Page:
Been so busy recently I’ve had no chance to be blogging, but in light of the recent propaganda blitz claiming that cold, snowy winters are all part of global warming, i had to take a few minutes to round up some quotes from the archives. Just to remind us all of what they were saying only a few years ago. As RealScience and others have quoted a few gems (“Snow is now a thing of the past”) I’ll confine myself to a few I haven’t seen widely reported.
First off, let’s refresh our memory on what Uber-Greenie Mark Lynas told us in 2004:
. . . snow has become so rare that when it does fall – often just for a few hours – everything grinds to a halt. In early 2003 a ‘mighty’ five-centimetre snowfall in southeast England caused such severe traffic jams that many motorists had to stay in their cars overnight. Today’s kids are missing out . . .
Many of these changes are already underway, but have been accelerating over the last two decades. Termites have already moved into southern England. Garden centres are beginning to stock exotic sub-tropical species, which only a few years ago would have been killed off by winter.
Mark Lynas, High Tide: The Truth About Our Climate Crisis
Then let us remind ourselves of what George Monbiot had to say about winters and climate change back in 2005:
Winter is no longer the great grey longing of my childhood. The freezes this country suffered in 1982 and 1963 are – unless the Gulf Stream stops – unlikely to recur. Our summers will be long and warm. Across most of the upper northern hemisphere, climate change, so far, has been kind to us.
Monbiot.com Mocking Our Dreams.
Mocking your dreams, George? No, no. Just your ridiculous habit of claiming something as settled scientific fact one year and then completely recanting a few years later when his soothsaying falls flat (remember the end of meat in 2012?).
And of course, there’s The Independent‘s fatuous warning over lack of snow in winter and what it portends. NO! Not that one, I’ve already said I would omit repeating that here. I’m referring their “leading article” from December 2006. This somber editorial admonished us that the lack of snow was evidence of a “dangerous seasonal disorder” -
The countryside is looking rather peculiar this winter. It seems we have a number of unexpected guests for Christmas. Dragonflies, bumblebees and red admiral butterflies, which would normally be killed off by the frost, can still be seen in some parts of the country . . .
Some might be tempted to welcome this late blossoming of the natural world as a delightful diversion from the bleakness of this time of year. But these fluctuations should be cause for concern because it is overwhelmingly likely that they are a consequence of global warming
. . . all this is also evidence that global warming is occurring at a faster rate than many imagined. And it will not only be the natural world adversely effected by climate change.
The Independent Leading Article: A Dangerous Seasonal Disorder.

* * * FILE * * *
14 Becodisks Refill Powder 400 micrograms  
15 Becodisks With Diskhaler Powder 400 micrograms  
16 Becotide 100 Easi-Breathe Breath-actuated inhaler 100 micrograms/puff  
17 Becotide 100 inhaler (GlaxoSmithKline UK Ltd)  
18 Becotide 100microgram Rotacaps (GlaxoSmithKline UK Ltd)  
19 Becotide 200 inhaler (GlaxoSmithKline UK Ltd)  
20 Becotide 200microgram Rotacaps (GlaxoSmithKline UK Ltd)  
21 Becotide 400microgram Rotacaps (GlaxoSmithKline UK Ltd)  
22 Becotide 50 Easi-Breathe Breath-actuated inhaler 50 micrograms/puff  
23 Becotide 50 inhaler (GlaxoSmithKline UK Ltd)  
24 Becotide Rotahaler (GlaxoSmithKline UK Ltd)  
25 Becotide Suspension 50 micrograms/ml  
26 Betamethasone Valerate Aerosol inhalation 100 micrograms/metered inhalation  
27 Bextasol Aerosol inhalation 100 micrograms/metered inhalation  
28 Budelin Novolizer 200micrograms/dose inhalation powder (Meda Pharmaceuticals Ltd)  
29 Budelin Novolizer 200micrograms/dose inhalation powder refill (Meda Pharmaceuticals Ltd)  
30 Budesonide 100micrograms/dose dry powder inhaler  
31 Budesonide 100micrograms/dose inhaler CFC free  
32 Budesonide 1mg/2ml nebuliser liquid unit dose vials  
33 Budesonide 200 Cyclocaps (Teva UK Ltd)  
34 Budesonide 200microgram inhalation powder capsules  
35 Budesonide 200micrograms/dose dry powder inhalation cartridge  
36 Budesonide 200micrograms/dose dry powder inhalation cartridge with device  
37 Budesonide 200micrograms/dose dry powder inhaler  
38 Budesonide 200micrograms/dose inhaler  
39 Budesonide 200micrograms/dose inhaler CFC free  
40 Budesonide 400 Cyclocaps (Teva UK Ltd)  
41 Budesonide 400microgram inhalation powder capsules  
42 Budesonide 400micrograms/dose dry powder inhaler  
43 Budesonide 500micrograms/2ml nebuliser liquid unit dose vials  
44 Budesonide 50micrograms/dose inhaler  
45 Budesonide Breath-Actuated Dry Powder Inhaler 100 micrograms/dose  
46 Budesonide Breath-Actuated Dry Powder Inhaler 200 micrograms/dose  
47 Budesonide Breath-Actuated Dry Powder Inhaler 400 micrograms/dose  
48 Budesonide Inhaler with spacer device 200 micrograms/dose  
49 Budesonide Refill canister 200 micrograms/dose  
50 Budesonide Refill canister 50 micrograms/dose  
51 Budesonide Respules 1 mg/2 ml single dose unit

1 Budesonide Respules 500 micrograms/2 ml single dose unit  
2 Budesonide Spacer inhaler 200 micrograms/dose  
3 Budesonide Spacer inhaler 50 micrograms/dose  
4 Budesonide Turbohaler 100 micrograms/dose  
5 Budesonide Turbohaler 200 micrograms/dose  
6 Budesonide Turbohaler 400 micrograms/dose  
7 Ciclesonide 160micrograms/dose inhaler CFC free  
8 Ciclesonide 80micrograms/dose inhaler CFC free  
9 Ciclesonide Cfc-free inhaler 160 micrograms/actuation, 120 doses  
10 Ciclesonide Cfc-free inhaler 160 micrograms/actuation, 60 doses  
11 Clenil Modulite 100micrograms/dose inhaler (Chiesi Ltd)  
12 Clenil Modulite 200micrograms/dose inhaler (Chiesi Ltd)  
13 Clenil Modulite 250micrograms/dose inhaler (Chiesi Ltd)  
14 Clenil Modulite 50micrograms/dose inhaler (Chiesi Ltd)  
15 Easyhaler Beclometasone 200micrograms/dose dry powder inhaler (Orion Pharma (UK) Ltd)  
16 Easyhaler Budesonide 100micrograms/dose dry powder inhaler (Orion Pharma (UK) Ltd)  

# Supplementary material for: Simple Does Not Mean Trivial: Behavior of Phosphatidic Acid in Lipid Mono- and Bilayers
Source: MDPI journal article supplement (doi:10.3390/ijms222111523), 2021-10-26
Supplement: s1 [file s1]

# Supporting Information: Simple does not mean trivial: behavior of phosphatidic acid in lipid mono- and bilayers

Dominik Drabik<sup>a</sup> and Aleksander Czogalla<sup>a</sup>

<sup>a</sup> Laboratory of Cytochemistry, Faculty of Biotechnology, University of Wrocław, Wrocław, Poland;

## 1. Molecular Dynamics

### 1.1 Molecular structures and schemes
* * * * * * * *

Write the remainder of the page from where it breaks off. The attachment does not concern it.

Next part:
Finally, courtesy of the awesome long memory and extensive archive of blogger Alexjc38, we have the strictly impartial and scientific BBC and their “One Planet” program from early 2007. In a “One Planet Special” entitled with ominous finality “It Seems the Winters of Our Youth are Unlikely to Return” presenter Richard Hollingham thinks backs to the snowy winters of his youth and asks whether the run of mild winters was caused by global warming. He also speaks to climate scientists to get their views. Their conclusion? In the words of the BBC, they all give “predictions of warmer winters, for UK & [the] Northern Hemisphere”.
He speaks to people in Russia, China, and the UK who all reminisce about snowy winters in their youth and wring their hands over the present snow-less and mild winters (do you think they’re still doing that?). Finally, he turns to Brenda Ekwurzel who introduces herself as “the climate scientist at the Union of Concerned Scientists”. Wow. “The” Climate Scientist, huh? Okay, so Hollingham puts the question to her:
Richard Hollingham: Now those of us who grew up with very cold winters, who tell our children that winter’s not what it used to be, we’re right, aren’t we?Brenda Ekwurzel: Yes, absolutely. It has changed.
Sitting here at the BBC, leafing through my old photos, I can’t help feeling nostalgic for proper winters. This year we had just one day of snow in southern Britain. Mind you, it still brought the roads, railways and airports to a standstill, and shut the schools. But as most people in London, Moscow, Washington, Beijing or Oslo will testify, a cold, crisp winter’s day with snow on the ground is infinitely preferable to the mild, damp miserable winters many of us are having to get used to. And it seems the winters of our youth are unlikely to return.
Thanks to commentator, Slimething, on the Realscience blog for pointing out this article from the Western Mail (Wales Online) from 2007.
The article, entititled “Snowless Winters Forecast for Wales as World Warms Up” quotes one of the global warming movement’s key figures, Sir John Houghton, former head of the IPCC and former head of the UK Met Office:
Former head of the Met Office Sir John Houghton, who is one of the UK’s leading authorities on climate change, said all the indicators suggest snowy winters will become increasingly rare
He said, “Snowlines are going up in altitude all over the world. The idea that we will get less snow is absolutely in line with what we expect from global warming.”
The post ended with the obligatory token comment from the sceptic side, just to show some gesture towards balance in journalism. Well known sceptic meteorologist, Piers Corbyn, director of London-based forecasters WeatherAction, was quoted as saying that the idea that snowfall would drop in Wales by 80% was “complete nonsense”.